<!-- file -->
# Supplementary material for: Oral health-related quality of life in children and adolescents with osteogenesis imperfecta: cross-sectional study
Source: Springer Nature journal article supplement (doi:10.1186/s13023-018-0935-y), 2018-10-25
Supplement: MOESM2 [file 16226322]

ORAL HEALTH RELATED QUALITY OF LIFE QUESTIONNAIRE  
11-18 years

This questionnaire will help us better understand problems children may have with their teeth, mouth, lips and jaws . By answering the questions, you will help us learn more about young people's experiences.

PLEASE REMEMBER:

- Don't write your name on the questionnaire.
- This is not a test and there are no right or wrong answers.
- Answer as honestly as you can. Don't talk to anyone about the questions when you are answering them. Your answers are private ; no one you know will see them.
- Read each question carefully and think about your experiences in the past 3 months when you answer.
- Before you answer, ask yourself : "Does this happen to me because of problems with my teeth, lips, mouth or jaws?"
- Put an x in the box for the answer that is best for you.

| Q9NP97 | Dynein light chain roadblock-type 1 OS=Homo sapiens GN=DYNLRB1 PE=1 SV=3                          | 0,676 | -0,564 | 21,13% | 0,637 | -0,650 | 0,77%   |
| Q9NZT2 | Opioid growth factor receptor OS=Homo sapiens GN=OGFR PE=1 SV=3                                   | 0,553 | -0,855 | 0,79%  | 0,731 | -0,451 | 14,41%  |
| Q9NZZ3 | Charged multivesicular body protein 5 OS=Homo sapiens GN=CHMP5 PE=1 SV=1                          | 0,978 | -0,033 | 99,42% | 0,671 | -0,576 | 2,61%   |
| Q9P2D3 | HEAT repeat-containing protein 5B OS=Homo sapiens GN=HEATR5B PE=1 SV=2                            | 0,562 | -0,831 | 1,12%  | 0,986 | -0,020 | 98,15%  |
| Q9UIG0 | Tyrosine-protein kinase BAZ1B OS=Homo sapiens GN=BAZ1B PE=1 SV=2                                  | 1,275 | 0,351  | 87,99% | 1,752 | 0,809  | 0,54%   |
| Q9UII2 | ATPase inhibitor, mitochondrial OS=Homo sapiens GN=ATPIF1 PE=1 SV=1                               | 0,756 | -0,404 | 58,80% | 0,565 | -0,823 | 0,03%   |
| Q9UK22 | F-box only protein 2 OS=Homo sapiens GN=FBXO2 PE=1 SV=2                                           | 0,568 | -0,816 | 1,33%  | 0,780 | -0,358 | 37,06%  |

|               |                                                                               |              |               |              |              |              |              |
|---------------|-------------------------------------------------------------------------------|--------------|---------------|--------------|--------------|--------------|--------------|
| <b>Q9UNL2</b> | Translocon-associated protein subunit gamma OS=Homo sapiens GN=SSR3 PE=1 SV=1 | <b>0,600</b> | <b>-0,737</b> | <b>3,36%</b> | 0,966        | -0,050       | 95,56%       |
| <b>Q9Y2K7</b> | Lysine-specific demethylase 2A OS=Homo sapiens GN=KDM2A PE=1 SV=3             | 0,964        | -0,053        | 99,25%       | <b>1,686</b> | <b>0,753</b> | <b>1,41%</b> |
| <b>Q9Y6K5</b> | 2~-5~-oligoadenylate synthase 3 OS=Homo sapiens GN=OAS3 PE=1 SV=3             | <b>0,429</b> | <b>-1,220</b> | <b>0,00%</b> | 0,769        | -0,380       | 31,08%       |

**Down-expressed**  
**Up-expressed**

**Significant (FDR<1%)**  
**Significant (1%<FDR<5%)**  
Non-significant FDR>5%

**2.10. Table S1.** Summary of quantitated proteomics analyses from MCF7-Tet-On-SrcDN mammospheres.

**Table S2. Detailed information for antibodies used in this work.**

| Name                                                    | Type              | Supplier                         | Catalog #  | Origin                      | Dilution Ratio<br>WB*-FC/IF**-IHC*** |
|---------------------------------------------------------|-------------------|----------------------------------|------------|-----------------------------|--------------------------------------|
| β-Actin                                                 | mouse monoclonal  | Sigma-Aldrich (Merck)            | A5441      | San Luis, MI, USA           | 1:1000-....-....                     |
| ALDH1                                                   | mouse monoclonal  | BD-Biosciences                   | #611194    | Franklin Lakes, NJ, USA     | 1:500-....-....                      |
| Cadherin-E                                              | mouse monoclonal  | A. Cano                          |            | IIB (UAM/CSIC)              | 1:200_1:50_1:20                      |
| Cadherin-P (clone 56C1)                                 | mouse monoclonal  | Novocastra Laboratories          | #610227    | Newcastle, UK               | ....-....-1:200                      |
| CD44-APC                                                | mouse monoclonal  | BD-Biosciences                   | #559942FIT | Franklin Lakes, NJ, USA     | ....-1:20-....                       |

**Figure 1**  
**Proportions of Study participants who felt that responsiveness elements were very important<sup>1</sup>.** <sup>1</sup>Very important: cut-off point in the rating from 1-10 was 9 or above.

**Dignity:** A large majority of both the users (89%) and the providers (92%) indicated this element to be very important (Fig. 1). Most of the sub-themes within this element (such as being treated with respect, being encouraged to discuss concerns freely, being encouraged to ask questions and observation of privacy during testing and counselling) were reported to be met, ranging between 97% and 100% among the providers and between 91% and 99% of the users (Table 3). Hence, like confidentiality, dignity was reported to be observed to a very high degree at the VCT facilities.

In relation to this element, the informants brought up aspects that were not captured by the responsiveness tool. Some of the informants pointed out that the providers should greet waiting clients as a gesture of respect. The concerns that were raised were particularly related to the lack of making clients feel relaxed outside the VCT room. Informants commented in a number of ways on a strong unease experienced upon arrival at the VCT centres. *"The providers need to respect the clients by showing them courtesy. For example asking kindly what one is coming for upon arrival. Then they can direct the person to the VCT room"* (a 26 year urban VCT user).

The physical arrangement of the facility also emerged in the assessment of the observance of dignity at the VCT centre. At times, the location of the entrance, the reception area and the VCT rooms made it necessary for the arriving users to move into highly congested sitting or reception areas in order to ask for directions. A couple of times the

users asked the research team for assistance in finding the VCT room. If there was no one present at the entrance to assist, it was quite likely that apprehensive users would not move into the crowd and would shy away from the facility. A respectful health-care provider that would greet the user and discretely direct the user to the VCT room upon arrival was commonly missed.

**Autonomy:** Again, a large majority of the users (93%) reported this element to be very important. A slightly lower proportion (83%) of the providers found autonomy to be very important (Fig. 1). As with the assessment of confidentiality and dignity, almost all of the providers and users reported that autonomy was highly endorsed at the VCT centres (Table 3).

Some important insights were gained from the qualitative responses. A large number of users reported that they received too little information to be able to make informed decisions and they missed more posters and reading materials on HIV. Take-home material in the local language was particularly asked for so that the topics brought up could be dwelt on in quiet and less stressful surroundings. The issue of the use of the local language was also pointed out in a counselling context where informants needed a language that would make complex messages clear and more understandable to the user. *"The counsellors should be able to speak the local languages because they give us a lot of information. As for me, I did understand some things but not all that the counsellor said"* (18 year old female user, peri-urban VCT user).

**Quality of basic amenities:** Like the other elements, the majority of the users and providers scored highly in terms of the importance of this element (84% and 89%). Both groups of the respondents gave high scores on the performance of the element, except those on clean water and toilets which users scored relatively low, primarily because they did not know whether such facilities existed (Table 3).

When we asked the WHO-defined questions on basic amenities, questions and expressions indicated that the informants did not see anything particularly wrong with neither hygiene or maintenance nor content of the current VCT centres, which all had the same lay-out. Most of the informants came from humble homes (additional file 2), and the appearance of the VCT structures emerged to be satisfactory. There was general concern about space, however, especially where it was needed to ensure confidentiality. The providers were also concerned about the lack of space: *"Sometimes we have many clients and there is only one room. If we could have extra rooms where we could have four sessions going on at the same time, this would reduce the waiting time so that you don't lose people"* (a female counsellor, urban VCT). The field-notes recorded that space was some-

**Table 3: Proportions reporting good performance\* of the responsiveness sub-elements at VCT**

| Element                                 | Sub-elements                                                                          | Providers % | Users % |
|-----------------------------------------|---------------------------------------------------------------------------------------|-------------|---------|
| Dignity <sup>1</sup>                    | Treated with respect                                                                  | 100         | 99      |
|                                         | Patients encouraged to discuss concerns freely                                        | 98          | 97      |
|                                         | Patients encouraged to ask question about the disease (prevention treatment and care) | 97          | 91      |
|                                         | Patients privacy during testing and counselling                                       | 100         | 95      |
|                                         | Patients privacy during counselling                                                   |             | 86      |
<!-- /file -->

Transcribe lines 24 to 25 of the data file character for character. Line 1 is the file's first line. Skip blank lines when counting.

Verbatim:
| <b>Q9Y2K7</b> | Lysine-specific demethylase 2A OS=Homo sapiens GN=KDM2A PE=1 SV=3             | 0,964        | -0,053        | 99,25%       | <b>1,686</b> | <b>0,753</b> | <b>1,41%</b> |
| <b>Q9Y6K5</b> | 2~-5~-oligoadenylate synthase 3 OS=Homo sapiens GN=OAS3 PE=1 SV=3             | <b>0,429</b> | <b>-1,220</b> | <b>0,00%</b> | 0,769        | -0,380       | 31,08%       |